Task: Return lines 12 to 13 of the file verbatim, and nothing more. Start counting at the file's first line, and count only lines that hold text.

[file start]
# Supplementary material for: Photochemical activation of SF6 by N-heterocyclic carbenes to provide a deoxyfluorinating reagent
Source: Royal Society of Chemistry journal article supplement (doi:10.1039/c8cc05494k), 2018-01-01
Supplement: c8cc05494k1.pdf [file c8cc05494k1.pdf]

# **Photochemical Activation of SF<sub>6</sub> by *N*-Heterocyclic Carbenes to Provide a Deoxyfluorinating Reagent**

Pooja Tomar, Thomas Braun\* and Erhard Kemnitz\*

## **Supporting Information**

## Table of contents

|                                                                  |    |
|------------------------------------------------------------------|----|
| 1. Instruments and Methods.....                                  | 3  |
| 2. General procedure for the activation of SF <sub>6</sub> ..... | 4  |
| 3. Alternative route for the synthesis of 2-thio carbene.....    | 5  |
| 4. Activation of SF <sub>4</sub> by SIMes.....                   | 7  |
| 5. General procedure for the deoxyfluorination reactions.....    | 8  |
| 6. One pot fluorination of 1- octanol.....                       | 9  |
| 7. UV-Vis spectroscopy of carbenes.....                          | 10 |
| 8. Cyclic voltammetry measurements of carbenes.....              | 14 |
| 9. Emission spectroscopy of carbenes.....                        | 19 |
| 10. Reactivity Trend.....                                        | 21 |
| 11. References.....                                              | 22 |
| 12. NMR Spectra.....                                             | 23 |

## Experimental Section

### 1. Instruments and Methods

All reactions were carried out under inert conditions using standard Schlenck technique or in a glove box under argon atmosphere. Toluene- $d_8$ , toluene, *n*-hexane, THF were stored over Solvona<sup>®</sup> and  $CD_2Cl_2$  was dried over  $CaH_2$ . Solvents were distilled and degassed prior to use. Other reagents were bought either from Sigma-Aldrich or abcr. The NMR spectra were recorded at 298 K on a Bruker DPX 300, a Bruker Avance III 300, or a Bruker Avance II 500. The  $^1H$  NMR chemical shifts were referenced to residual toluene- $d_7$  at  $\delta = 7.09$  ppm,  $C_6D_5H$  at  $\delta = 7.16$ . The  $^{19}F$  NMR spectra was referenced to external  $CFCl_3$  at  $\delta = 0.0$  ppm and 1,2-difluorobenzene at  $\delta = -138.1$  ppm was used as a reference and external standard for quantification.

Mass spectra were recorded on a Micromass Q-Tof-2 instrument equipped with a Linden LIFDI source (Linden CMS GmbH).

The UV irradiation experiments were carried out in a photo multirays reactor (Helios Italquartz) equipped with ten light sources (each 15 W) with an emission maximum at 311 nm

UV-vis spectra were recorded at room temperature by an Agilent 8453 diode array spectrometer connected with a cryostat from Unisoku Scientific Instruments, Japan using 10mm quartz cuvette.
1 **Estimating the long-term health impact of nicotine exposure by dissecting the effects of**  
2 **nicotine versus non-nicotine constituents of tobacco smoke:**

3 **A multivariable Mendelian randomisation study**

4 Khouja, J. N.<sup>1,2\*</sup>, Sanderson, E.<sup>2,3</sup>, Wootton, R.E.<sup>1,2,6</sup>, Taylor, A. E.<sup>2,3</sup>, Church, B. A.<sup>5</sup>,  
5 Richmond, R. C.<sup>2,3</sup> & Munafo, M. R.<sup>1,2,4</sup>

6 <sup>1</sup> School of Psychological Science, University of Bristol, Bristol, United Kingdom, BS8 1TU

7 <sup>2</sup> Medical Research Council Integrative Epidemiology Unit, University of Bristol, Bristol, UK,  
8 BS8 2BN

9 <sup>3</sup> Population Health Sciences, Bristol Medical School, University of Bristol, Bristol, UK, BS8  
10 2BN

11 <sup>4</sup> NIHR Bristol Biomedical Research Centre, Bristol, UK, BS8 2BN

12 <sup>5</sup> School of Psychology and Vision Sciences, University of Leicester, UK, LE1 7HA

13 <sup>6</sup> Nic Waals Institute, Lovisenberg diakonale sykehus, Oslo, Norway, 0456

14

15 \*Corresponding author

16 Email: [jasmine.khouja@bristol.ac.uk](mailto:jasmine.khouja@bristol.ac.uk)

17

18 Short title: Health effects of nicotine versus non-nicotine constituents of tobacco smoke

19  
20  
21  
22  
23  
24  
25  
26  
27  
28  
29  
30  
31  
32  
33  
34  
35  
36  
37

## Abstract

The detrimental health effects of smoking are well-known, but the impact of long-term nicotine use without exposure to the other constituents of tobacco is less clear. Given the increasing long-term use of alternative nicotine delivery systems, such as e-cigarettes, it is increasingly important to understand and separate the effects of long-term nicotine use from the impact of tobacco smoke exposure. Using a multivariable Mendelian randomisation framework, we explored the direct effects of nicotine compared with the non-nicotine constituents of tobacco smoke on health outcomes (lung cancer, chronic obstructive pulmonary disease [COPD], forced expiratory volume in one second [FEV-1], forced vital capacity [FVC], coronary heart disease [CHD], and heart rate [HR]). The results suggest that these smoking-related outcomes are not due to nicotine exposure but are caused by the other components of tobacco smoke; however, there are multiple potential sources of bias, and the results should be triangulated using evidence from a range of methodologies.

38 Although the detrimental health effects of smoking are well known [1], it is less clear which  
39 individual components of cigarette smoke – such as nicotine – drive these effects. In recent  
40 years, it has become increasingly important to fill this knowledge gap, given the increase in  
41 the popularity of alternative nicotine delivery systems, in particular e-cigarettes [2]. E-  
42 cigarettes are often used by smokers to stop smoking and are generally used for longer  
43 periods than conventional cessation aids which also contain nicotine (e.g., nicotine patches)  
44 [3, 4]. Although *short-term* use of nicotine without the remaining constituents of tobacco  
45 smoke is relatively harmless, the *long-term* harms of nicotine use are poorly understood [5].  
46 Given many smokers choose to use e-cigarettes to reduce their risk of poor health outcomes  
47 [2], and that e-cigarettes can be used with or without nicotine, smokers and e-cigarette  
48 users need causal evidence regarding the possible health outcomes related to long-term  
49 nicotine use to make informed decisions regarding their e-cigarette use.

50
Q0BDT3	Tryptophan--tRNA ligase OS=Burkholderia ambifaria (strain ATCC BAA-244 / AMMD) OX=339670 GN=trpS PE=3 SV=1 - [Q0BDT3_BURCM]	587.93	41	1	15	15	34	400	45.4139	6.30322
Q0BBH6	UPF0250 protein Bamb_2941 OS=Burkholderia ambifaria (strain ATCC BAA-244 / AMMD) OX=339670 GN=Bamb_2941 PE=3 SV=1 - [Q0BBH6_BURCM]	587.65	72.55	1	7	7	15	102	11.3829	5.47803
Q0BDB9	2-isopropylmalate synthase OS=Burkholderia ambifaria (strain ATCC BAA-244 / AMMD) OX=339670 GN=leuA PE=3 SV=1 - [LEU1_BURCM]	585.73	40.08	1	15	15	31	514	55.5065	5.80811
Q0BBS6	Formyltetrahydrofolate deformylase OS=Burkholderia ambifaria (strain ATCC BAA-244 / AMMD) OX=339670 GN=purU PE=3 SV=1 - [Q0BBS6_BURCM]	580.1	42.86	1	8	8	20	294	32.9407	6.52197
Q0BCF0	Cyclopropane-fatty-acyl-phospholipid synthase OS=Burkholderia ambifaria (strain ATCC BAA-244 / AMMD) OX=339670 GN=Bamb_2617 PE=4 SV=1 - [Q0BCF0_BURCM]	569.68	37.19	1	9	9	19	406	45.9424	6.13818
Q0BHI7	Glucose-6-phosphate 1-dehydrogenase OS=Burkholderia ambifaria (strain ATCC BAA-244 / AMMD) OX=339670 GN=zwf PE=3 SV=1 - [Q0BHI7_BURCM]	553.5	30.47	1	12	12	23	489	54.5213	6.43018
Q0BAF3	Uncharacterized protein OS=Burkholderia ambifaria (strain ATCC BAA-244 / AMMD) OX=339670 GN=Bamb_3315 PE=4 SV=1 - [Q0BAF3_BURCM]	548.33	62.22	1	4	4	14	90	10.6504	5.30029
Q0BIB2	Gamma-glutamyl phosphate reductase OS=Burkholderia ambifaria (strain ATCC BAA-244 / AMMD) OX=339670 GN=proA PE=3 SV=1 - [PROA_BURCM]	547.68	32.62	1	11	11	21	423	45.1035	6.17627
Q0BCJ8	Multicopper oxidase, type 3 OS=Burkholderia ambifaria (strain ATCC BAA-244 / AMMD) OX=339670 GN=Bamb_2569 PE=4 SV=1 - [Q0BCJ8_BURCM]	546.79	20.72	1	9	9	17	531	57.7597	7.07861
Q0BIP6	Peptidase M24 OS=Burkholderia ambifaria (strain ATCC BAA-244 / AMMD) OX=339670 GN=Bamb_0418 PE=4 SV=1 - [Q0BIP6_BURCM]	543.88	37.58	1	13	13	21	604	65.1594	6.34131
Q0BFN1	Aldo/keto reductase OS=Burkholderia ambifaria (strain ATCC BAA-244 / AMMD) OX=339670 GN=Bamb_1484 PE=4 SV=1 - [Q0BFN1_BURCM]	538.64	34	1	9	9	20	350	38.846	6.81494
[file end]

| 3. Alternative route for the synthesis of 2-thio carbene.....    | 5  |
| 4. Activation of SF <sub>4</sub> by SIMes.....                   | 7  |